Targeted therapies could make inroads against metastatic disease, researchers say
FRIDAY, Dec. 11 (HealthDay News) -- New therapies and new spins on existing treatments are offering hope for patients with breast cancer, especially those with metastatic disease, according to research being presented this week at the annual San Antonio Breast Cancer Symposium in San Antonio, Texas.
One study found that a higher (500-milligram) dose of Faslodex (fulvestrant) works better than the currently approved 250-milligram dose in hormone receptor-positive breast tumors that had already spread to other parts of the body. There was no difference in the severity of side effects between the two doses, researchers added.
Many breast cancer cells are sensitive to circulating estrogen because they carry receptors on their surface that link up with the hormone, helping malignant cells to spread and grow. Faslodex targets this critical link-up.
"This drug is different from other hormonal agents. It can actually destroy the estrogen receptor," explained study lead author Dr. Angelo Di Leo, director of the department of oncology at the Hospital of Prato in Italy. "Evidence from past clinical trials suggests that if you increase the dose of the drug you can induce a more profound down-regulation of the estrogen receptor."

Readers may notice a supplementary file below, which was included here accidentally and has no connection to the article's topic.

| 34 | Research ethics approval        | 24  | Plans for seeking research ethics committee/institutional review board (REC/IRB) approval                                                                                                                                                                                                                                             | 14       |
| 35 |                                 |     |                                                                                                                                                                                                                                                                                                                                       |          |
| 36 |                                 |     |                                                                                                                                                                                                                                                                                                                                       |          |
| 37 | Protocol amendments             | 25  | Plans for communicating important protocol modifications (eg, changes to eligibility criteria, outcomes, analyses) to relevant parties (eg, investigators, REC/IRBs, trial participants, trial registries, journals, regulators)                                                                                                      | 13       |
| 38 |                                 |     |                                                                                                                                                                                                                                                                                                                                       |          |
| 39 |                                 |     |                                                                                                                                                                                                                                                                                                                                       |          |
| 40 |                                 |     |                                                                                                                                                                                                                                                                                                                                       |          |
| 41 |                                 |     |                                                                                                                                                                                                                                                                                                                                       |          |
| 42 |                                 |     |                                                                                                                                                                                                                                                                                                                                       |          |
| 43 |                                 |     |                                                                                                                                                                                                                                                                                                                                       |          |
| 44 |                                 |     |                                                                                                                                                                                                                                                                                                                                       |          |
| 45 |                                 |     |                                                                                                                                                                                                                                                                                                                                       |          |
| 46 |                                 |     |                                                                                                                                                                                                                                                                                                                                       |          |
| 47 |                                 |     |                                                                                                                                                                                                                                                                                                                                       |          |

And, in the new trial, that turned out to be the case.
"It was clear that 500 milligrams was more effective than 250 in prolonging time to disease progression and the median time to progression, which was 6.5 months for those in the 500-milligram group versus 5.5 months in the 250-milligram group," she said.
There was no evidence of tumor shrinkage but there was a hint that survival was also improved, but this was not statistically significant.
Dr. C. Kent Osborne, president of the symposium and moderator of a Friday teleconference detailing these and other findings, and director
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